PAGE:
As much as anything, these chapters are about the sovereignty of God. Though there is ultimately nothing “simple” about it, we can say that on one level, God’s sovereignty simply means He is the final ruler and judge of humanity. For the average Hebrew in Jeremiah’s day, it would have been a stretch to see their God as Lord over the Egyptians and Babylonians. The common view of gods in their day was that they were geographically and nationally located. If a nation or empire was small, so was their god; if it was large and powerful, so what their god. Part of what Jeremiah needs to communicate to his people is that their God is so big, no geography can contain him; he is God, even of the Egyptians and Philistines.

One surprising reality here is how well-versed Jeremiah is in the society and economy of Egypt and Philistia. Some scholars note that Jeremiah may refer to things in these chapters we may never fully understand. Jeremiah has a keen sense of Egyptian geography, politics, and medicine. Why would Jeremiah know so much about the enemy?

To begin with, Jeremiah’s call is anything but provincial. Jeremiah was told by God:

“I appointed you a prophet to the nations….See, I have set you this day over nations and over kingdoms, to pluck up and to break down, to destroy and to overthrow, to build and to plant.” (1:5, 10)

The truth God wants conveyed covers all people in every culture. As a faithful prophet to God’s truth, Jeremiah knows how it works in surrounding cultures. And in direct opposition to the conventional religious wisdom of the day, Jeremiah saw the Egyptians and Philistines as potential people of God.

“Afterward Egypt shall be inhabited as in the days of old, declares the Lord.” (47:26)

There are plenty of hints in the Old Testament that God desires that all nations, no matter how wicked or pagan, belong to him (Psalm 87:4-6 names the Egyptians and Philistines).

God’s revelation has always rejected the kinds of social and ethnic barriers erected by the rest of the world. Paul, for instance, is fond of saying that in Christ there are no distinctions between people (Gal. 3:28, Col. 3:11). It is why we call each other “brother” and “sister” no matter what we drove to church in.

What Jeremiah models for us is, in fact, one of the genius strokes of the faith. Our call to reach out to the rest of the world with the love and forgiveness of God is not put to us in abstract terms. The call to love our neighbor is very concrete, even specific. This is what makes the command so difficult and so right. Jeremiah did not display a generalized concern for humanity, but a specified love for his neighbors--Egyptians and Philistines. “Love humanity” can mean, “love everyone in general and no one in particular,” or, “love those easy for you to love.” “Love your neighbor,” means, “love this person next to you.”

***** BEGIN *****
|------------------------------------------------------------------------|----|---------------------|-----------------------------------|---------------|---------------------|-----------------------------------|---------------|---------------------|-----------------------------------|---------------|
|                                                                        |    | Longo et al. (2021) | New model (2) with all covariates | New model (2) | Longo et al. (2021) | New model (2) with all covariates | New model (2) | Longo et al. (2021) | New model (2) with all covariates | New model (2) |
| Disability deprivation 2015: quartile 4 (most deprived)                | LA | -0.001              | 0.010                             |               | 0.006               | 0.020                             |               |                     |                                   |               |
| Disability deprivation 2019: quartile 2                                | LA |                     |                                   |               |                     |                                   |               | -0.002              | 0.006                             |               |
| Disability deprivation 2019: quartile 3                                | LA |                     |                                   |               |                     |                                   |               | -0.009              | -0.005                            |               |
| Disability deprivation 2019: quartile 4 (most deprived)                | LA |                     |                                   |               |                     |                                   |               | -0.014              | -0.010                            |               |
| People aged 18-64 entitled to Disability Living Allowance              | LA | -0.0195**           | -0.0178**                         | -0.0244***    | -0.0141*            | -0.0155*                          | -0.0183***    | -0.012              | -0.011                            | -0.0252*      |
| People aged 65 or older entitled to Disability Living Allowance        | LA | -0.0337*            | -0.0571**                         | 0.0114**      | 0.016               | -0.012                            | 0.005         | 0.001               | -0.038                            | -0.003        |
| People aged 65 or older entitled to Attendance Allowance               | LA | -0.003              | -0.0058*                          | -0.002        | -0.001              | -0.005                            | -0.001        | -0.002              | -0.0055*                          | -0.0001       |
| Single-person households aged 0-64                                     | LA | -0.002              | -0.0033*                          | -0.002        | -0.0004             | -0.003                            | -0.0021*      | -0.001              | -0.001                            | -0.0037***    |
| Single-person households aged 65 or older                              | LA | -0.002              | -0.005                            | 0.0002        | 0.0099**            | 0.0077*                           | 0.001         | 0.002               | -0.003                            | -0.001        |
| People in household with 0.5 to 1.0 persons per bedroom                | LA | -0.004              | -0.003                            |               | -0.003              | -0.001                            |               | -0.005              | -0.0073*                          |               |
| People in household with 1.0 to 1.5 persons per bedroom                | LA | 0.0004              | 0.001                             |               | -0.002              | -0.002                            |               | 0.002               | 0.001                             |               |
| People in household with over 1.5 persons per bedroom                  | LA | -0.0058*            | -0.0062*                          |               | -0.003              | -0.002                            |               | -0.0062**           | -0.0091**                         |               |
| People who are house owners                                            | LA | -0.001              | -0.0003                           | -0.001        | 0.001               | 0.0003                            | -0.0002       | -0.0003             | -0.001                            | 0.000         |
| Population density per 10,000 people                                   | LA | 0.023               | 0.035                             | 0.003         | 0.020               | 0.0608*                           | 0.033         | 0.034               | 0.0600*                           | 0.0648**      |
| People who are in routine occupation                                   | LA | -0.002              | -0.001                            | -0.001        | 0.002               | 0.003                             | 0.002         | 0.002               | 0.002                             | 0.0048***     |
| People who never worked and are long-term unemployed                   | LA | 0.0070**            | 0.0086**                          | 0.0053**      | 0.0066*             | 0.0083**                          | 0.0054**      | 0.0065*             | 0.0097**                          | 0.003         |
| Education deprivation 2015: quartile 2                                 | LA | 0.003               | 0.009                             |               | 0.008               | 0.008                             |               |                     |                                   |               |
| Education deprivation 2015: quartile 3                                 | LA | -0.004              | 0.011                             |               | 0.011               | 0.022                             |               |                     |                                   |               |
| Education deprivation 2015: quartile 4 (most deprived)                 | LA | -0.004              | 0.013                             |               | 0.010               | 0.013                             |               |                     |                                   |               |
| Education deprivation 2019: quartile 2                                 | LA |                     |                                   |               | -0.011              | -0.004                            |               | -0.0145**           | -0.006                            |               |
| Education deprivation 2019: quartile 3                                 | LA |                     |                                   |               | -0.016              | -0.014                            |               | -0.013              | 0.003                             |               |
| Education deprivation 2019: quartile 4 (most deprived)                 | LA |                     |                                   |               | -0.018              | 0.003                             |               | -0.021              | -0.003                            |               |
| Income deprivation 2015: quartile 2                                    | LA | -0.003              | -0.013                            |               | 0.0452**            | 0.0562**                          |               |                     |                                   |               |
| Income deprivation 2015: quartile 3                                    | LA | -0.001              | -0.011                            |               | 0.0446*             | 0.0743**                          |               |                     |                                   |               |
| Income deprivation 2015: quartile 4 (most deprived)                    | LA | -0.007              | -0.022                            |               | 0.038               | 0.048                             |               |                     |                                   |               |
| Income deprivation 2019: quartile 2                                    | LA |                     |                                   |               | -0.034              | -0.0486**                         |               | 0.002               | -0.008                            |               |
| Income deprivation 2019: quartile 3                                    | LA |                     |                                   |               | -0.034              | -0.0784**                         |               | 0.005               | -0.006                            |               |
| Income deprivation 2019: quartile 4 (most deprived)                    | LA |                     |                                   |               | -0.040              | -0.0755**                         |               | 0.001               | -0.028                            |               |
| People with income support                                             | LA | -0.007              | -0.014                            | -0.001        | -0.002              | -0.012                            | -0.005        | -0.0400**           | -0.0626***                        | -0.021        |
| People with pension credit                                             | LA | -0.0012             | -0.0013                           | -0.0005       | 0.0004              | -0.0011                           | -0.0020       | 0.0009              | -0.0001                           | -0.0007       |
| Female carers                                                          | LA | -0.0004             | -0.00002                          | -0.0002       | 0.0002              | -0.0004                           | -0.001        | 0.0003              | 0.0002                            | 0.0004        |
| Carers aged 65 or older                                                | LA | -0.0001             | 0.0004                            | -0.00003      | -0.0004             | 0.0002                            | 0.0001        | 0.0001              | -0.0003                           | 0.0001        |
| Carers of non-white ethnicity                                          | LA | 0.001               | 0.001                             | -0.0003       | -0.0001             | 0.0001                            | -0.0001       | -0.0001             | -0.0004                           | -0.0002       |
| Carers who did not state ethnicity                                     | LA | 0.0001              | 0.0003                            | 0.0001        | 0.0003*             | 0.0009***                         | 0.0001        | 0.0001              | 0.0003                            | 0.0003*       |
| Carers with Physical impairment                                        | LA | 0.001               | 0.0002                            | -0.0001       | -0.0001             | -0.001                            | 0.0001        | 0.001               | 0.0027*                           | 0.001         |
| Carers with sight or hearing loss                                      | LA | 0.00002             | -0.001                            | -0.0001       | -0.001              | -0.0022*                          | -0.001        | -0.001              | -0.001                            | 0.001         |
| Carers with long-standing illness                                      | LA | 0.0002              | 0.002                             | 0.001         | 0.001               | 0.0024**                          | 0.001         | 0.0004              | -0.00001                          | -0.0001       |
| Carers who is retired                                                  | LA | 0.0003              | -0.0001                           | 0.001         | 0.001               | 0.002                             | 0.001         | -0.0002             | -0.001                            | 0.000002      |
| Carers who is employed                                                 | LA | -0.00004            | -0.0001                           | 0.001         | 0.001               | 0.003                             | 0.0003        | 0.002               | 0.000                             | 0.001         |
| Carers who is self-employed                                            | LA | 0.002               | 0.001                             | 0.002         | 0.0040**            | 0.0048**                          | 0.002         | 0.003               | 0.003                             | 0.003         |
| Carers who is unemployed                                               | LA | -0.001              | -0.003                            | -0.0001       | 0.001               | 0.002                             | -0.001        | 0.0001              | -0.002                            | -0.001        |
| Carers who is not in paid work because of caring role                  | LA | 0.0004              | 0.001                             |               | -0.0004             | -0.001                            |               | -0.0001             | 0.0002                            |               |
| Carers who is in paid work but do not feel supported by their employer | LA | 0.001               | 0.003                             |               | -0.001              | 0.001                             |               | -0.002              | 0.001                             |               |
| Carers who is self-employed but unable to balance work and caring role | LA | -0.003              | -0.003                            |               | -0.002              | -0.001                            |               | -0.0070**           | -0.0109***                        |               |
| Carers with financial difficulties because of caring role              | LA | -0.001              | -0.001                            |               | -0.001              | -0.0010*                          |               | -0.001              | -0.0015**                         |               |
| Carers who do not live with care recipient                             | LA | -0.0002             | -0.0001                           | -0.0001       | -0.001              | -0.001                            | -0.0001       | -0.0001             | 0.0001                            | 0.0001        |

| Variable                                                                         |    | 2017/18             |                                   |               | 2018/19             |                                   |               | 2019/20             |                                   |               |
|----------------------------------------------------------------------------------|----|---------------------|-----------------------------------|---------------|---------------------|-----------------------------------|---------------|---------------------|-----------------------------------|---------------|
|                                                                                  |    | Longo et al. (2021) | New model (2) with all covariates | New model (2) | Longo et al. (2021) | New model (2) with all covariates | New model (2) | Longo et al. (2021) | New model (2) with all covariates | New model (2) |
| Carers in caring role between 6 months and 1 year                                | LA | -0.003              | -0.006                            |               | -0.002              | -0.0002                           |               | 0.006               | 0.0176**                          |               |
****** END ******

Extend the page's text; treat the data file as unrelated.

In his book, Heretics, G.K. Chesterton put it this way:

We make our friends; we make our enemies; but God makes our next-door neighbor….That is why the old religions and the old scriptural language showed so sharp a wisdom when they spoke, not of one’s duty towards humanity, but one’s duty toward one’s neighbor….[W]e have to love our neighbor because he is there—a much more alarming reason for a much more serious operation.

Wednesday, May 30, 2007

Pentecost, The Spirit-With-Us: Romans 8

Romans 8

When we approach the Day of Pentecost, our minds are often drawn to the events of Acts 2, or to the instruction of the apostle Paul in 1 Corinthians. We tend to think of the relatively spectacular events of the early church or of the public gifts of tongues and prophecy. These are certainly realities in the life of the Spirit-filled church, but when we pay attention to the New Testament we discover a wealth of information about the role of the Spirit in the life of a believer today. Why is the Spirit with us? What is it the Spirit does among us and in my life? One chapter in particular, maybe surprisingly so, provides us with a lot information about the work of the Holy Spirit.

When Paul opens Romans 8, we read one of the most pivotal moments in the epistles:

“There is therefore now no condemnation for those who are in Christ Jesus. For the law of the Spirit of life has set you free in Christ Jesus from the law of sin and death.” (vs. 1,2)

Paul has just described the back-breaking frustration we are left in, caught between the Mosaic law—that tells us what to do to please God—and the law of sin and death—that makes it impossible for me to please God on my own. The only thing that can break the tension set up in chapter 7 is the activity of the Spirit in me; the only thing more powerful than the law of sin and death is the law of the Spirit of life. Because the Spirit-with-us does its work, there is no condemnation for those in Christ. In other words, the believer no longer lives under the “continuous, low-lying black cloud” of guilt and sin (The Message).

Paul then introduces another facet to the Spirit-led life:

“in order that the righteous requirement of the law might be fulfilled in us, who walk not according to the flesh but according to the Spirit.” (vs. 4)

The believer is described as someone who now has the option to walk according to a Spirit-lead life instead of being bound by sin and death. Not only are we asked to live this new kind of life, we are given access to the mind and will of the Father and the power to live it out through the work of the Spirit. The Spirit knows the mind of God (Rom 8:27), reveals it to us (1 Cor. 2:10), and empowers us to lead a new kind of life (Acts 1:8, Gal. 5:18).